Ruth Rendell’s Reg Wexford is very much worked on by a case in Simisola. One day, Wexford gets a call from his doctor, who’s worried about his daughter. Dr. Akande’s daughter Melanie has apparently disappeared from the Employment Service Job Center (EJS), where she had an appointment with a job counselor. She kept her appointment but never made it home. At first, Wexford thinks that Melanie Akande may have simply gone off somewhere; she’s a young adult with her own life. But then, Annette Bystock, the job counselor with whom Melanie Akande met, is found murdered in her bed. Now it looks as though something more is going on than a young woman taking off to “do her own thing.” Then, the body of an unknown woman is found in a local woods. At first Wexford thinks it’s Melanie Akande’s body. It’s not, though, and this adds another dimension to this case. Throughout this novel, we see how these related cases work on Wexford, affect his thinking and make him re-evaluate himself.
Simon Lelic’s Rupture (AKA A Thousand Cuts) is another example of a novel where the case works on the sleuth. In that story, newly-hired history teacher Samuel Szajkowski walks into a crowded auditorium one hot day and shoots a fellow teacher and three students before turning the gun on himself. DI Lucia May has assigned to follow up on this tragedy. She’s expected to get interviews with witnesses and “rubber stamp” the official explanation for the murders, which is that Szajkowski simply “snapped.” But as May begins to talk to the people at the school, she realises that it isn’t as simple as that. The more she learns about the case, the more she sees that the school has a strong culture of bullying and that it’s that culture, as much as anything else, that’s behind what happened on that terrible day. May is affected by what she learns about the school; it’s eerily reminiscent of her own workplace environment, in which she’s having to battle to get any respect at all for what she does. In the end, we can see clearly how she’s been affected by this particular set of shootings.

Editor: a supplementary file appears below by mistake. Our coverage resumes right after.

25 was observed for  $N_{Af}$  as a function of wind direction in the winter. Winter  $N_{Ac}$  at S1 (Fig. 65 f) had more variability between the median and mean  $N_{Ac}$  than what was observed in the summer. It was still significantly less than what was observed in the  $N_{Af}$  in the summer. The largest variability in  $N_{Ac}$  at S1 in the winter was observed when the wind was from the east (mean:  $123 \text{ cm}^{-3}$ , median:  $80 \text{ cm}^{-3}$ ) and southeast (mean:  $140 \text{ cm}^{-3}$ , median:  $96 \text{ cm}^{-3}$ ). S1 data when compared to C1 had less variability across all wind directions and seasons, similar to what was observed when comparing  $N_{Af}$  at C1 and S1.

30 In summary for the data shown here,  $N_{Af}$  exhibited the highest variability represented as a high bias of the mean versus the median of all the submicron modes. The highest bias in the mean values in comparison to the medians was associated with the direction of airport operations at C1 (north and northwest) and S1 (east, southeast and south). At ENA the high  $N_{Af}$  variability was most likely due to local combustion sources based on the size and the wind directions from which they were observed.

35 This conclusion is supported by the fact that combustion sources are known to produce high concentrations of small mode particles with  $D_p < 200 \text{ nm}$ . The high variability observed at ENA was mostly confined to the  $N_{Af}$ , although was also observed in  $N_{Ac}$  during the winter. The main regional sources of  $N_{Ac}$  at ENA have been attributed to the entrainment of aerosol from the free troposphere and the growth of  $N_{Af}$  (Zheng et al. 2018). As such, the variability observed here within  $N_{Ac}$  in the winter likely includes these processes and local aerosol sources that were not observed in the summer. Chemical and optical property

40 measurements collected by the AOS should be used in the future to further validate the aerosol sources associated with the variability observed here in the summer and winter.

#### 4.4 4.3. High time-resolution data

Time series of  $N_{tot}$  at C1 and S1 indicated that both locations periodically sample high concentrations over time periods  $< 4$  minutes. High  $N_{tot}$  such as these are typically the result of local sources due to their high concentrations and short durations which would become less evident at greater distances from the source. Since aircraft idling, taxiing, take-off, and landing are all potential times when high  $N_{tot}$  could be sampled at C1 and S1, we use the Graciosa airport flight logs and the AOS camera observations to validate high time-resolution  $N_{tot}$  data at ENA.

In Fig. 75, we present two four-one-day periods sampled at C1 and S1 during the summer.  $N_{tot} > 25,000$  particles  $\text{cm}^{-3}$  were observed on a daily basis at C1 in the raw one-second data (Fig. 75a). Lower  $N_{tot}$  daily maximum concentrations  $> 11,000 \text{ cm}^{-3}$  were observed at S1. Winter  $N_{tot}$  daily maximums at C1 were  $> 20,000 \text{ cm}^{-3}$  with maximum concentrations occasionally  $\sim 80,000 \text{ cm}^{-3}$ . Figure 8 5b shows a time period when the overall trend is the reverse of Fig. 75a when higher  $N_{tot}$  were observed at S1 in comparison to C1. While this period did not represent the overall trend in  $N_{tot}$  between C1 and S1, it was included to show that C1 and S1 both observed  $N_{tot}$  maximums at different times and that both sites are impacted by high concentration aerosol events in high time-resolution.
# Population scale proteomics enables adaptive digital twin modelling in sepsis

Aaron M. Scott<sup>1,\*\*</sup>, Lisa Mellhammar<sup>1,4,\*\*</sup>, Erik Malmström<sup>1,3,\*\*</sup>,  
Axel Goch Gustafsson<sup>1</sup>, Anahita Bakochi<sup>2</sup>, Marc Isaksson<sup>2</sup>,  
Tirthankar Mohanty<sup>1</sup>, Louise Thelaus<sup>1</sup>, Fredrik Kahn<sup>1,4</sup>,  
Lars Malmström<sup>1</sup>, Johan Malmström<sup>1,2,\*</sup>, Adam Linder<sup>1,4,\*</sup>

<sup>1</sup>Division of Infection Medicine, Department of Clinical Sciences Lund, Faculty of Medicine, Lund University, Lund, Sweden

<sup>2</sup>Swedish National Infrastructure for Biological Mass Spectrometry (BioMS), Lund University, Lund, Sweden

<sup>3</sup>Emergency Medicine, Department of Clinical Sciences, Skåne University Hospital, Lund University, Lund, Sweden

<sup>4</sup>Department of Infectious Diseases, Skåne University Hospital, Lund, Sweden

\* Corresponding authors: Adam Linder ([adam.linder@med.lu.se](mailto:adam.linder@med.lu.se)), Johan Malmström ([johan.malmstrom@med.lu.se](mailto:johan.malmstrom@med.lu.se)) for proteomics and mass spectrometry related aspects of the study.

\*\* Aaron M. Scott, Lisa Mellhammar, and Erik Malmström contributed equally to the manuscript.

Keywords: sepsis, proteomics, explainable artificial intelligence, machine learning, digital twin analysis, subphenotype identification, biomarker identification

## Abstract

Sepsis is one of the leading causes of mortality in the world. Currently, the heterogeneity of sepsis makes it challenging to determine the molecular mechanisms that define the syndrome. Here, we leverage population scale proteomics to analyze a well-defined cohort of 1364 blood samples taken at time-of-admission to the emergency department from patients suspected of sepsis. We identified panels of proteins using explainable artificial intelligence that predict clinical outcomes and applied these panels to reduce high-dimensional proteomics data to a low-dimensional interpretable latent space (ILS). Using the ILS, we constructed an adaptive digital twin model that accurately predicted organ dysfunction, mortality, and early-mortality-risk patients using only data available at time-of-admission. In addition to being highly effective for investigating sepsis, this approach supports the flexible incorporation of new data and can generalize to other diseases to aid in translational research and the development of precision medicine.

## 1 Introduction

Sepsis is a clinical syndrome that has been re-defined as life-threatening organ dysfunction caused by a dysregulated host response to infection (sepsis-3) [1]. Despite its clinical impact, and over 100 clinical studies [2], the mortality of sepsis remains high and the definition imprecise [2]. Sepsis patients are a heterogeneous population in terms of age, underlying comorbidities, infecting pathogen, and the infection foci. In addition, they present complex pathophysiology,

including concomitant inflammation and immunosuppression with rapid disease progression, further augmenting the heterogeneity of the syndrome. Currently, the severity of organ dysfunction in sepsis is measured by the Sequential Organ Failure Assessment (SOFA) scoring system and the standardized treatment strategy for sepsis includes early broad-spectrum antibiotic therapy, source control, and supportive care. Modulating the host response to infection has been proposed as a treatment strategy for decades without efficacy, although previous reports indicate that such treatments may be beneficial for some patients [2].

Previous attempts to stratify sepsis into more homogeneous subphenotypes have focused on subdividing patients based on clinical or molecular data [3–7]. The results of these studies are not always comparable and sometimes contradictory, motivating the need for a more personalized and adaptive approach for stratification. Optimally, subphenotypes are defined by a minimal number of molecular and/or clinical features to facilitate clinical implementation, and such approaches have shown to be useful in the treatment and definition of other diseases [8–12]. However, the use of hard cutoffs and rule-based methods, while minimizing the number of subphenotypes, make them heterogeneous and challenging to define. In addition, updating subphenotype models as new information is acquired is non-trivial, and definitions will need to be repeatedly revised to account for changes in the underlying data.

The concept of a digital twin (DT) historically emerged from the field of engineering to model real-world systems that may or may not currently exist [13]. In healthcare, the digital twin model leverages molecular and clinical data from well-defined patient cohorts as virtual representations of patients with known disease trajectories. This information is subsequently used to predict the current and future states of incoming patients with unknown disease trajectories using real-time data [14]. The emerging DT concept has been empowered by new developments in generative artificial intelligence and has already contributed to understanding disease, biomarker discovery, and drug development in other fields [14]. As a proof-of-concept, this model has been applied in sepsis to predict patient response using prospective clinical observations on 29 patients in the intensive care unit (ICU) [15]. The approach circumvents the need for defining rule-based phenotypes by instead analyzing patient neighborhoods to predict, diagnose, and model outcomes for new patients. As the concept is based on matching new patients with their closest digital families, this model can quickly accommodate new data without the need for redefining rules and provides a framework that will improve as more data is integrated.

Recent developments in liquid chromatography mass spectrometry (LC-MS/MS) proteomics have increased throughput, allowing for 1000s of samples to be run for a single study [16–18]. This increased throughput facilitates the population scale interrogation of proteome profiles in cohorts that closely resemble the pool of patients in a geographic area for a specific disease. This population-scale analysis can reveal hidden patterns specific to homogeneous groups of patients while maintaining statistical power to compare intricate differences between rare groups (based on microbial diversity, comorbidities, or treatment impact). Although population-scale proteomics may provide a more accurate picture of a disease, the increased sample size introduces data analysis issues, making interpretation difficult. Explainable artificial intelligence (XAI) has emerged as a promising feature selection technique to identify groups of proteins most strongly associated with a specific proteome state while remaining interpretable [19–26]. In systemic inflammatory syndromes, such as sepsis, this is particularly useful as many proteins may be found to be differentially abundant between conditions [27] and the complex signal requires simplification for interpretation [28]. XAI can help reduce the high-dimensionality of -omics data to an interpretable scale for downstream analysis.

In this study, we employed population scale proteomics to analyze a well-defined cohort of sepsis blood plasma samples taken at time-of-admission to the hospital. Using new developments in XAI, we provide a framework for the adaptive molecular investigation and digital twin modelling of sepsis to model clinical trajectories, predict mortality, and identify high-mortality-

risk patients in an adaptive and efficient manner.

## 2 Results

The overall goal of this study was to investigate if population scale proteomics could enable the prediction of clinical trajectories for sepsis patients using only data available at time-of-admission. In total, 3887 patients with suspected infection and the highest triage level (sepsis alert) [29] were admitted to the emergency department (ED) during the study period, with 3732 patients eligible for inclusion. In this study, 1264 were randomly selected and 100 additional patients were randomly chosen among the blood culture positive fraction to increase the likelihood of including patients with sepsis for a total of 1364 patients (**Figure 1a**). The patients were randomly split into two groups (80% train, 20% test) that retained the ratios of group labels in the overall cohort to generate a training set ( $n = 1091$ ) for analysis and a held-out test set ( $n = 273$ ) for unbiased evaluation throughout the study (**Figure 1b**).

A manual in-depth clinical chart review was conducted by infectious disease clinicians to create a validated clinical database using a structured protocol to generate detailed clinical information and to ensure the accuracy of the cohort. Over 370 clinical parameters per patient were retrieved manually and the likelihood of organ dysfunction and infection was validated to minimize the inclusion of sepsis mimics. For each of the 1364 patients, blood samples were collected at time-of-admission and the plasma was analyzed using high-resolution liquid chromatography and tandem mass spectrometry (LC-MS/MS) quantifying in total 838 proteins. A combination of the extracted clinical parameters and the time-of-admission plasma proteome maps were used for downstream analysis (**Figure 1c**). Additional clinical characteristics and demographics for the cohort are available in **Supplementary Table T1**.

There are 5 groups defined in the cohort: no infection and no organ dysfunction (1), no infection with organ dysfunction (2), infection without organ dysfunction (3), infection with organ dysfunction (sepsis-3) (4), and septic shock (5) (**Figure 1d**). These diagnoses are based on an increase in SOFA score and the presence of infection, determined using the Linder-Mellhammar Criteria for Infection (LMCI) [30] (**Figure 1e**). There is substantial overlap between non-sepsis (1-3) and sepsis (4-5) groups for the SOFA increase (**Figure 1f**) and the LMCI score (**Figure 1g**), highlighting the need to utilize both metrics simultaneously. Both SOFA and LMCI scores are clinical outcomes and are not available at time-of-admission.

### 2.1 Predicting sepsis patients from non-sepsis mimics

Martin Edwards’ DCI Hannah Scarlett is also affected by the cases she works. In The Cipher Garden, for instance, she and her Cold Case Review team re-open the investigation into the ten-year-old murder of landscaper Warren Howe. At first, his wife Tina seemed the most likely suspect, and she had good reason, too. Howe was an abusive and adulterous alcoholic. But Tina Howe had an alibi, so at the time of Howe’s murder, the police couldn’t make an arrest. Now, anonymous notes suggest that Tina Howe really was guilty. As Scarlett and her team look into the case, they learn more and more about the Howe family and what they learn affects Scarlett deeply. So does what the team learns about the history of the town, and some of the secrets that are being kept there. In the end, Scarlett and her team find out who really killed Warren Howe and it’s easy to see how deeply she’s been affected by this case.
There are lots of other novels, too, where the case works on the detective as much as the detective works on the case. I’ve only had space for a few. What do you think? Do you agree with Connelly? If you’re a writer, how do your cases work on your sleuth?
Thanks very much to Bernadette at Reactions to Reading (and to one of her fine commentators) for the excellent comment exchange that inspired this. Oh, and thanks to Michael Connelly, too.
*NOTE: The title of this post is a line from Billy Joel’s I Go to Extremes.